New data released by the European Centre for Disease Prevention and Control (ECDC) and the WHO Regional Office for Europe ahead of World TB Day show that new tuberculosis (TB) cases and deaths in the 53 countries of the WHO European Region declined each year by 4.3% and 8.5% respectively between 2011 and 2015.
However, vulnerable groups for TB infection, such as people living with HIV, prisoners and migrants, do not benefit from this overall trend. In particular, new TB/HIV co-infections increased by 40% over the same time period. Providing testing to all TB patients for HIV and vice versa, together with counselling and rapid treatment, could reverse the negative trend.
“The flare-up of TB/HIV co-infections from 2011 to 2015, together with persistently high rates of drug-resistant tuberculosis, seriously threaten progress made towards ending TB, the goal that European and world leaders have committed to achieve by 2030,” says Dr Zsuzsanna Jakab, WHO Regional Director for Europe. “One in three people co-infected with TB/HIV do not know about their status, which drastically lowers their chances of being cured. In turn, this favours the spread of the diseases, putting health systems and governments under pressure.”
- Guidance on Treating Tuberculosis & HIV Co-Infection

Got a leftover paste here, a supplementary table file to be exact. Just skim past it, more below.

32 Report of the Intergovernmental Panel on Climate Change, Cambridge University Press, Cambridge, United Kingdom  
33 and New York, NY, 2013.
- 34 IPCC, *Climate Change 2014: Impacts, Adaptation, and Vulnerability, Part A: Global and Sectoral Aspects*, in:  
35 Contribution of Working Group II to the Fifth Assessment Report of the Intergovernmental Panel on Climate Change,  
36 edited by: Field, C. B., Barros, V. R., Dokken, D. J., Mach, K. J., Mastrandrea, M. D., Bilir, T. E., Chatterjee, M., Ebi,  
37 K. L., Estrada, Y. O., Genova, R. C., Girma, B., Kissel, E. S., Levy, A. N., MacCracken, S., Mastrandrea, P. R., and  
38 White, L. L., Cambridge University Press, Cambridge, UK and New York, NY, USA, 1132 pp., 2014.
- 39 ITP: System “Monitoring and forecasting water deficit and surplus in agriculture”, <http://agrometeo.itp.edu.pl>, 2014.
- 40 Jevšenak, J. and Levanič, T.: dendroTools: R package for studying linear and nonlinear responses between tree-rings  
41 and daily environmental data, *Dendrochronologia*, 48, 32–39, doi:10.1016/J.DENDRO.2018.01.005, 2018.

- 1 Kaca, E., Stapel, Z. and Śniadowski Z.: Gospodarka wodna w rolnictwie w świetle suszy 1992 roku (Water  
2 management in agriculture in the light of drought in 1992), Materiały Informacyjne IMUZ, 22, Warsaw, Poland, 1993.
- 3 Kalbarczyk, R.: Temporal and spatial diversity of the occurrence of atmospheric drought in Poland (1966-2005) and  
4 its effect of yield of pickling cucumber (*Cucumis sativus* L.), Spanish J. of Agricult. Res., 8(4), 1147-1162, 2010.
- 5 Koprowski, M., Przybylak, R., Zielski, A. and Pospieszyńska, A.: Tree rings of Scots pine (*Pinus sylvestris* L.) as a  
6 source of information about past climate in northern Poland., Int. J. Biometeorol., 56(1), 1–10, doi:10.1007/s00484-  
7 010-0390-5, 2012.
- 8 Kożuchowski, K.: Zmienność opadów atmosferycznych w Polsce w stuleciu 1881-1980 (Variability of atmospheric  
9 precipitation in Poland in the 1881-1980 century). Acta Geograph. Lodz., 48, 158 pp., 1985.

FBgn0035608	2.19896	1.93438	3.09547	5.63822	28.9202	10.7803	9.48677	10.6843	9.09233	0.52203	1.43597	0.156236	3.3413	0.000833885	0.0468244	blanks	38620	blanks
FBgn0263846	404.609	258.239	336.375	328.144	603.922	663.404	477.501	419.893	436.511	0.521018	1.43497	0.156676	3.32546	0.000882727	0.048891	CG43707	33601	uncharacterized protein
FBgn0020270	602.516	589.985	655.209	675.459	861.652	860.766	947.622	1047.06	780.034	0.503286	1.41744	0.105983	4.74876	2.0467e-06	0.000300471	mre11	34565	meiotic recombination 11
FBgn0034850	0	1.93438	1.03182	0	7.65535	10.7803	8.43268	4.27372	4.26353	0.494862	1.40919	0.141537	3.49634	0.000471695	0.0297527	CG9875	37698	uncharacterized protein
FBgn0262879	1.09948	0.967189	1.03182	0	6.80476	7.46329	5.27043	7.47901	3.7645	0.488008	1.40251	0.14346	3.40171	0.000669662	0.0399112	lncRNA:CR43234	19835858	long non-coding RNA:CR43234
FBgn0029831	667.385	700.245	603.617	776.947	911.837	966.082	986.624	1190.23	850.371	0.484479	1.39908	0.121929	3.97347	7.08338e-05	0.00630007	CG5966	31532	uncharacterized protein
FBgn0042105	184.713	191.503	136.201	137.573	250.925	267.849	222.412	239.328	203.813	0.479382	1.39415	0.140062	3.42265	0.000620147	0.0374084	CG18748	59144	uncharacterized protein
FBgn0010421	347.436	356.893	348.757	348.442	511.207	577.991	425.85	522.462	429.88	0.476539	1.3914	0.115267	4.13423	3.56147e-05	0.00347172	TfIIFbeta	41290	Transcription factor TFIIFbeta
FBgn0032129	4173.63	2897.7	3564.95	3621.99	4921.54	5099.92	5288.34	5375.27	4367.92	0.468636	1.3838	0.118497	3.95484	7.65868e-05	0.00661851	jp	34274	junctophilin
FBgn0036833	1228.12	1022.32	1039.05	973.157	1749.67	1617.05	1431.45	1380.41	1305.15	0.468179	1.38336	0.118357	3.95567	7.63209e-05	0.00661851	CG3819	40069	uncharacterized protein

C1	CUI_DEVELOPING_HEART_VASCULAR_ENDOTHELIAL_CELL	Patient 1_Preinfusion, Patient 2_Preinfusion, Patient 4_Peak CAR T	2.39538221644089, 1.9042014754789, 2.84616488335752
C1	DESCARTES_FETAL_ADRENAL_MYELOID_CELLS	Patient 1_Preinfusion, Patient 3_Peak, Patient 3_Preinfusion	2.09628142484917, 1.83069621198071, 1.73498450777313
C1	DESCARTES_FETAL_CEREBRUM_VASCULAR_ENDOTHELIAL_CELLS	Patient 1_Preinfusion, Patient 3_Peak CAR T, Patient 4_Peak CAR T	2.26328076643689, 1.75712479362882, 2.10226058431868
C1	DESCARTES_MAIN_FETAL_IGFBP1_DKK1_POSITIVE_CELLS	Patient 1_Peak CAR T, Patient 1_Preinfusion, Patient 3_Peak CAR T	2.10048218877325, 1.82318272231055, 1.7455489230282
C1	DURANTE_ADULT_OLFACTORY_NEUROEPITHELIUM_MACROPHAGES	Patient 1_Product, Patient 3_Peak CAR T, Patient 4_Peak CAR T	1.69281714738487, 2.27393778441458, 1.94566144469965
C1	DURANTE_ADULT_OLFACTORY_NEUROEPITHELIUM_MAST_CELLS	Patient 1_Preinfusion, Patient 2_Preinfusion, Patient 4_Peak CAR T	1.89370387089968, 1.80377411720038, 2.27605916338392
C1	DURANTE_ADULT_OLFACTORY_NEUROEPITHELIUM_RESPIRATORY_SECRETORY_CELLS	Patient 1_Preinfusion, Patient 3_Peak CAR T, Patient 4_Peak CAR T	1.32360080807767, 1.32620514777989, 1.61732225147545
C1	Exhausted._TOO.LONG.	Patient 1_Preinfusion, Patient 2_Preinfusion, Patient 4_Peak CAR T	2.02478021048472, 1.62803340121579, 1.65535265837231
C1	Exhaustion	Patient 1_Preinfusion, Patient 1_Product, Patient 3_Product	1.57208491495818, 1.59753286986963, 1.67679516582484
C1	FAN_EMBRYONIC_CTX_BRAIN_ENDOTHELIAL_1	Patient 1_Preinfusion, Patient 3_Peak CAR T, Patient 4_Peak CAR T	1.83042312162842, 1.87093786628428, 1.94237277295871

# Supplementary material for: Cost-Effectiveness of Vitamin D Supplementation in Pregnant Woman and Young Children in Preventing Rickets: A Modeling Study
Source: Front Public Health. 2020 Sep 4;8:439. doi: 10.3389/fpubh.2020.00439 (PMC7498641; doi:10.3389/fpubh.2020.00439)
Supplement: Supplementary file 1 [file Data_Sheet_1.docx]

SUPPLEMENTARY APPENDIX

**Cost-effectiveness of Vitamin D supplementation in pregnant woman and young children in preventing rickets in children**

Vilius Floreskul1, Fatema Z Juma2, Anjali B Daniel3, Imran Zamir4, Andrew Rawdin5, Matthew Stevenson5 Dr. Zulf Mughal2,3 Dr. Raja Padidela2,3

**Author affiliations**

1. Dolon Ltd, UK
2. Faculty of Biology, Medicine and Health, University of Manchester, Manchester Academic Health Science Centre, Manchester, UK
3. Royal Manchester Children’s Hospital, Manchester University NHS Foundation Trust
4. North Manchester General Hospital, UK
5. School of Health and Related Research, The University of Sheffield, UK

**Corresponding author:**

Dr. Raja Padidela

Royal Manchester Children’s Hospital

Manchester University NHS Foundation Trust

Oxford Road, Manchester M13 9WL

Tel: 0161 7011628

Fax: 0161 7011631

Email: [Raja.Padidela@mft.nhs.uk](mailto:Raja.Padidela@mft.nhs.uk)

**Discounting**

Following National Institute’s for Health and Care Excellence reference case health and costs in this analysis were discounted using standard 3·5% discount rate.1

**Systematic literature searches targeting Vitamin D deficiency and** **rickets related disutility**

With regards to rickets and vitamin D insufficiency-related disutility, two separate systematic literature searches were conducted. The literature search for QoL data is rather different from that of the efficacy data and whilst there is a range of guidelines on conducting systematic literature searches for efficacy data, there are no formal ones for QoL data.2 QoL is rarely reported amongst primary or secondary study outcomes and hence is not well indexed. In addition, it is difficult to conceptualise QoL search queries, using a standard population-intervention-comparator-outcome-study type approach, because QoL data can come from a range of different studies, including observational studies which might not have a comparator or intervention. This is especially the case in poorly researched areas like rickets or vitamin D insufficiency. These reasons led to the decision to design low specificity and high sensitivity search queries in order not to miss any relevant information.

- Visceral Fat Differentiates Crohn’s From Intestinal Tuberculosis
- Tuberculosis associated chronic obstructive pulmonary disease
Vytenis Andriukaitis, European Commissioner for Health and Food Safety, assured that: “The European Commission is committed to mobilising all available tools to help EU countries meet the global commitments made in international fora within the given deadlines. TB affects the most vulnerable members of our societies and often co-exists with other conditions such as HIV or viral hepatitis.”
Similar to the trend in the whole WHO European Region, the number of new TB cases in the European Union and European Economic Area (EU/EEA) has been constantly going down since 2002. However, with an annual decrease of 5%, the EU/EEA will not reach the set target to end TB which would require an annual decrease of at least 10%.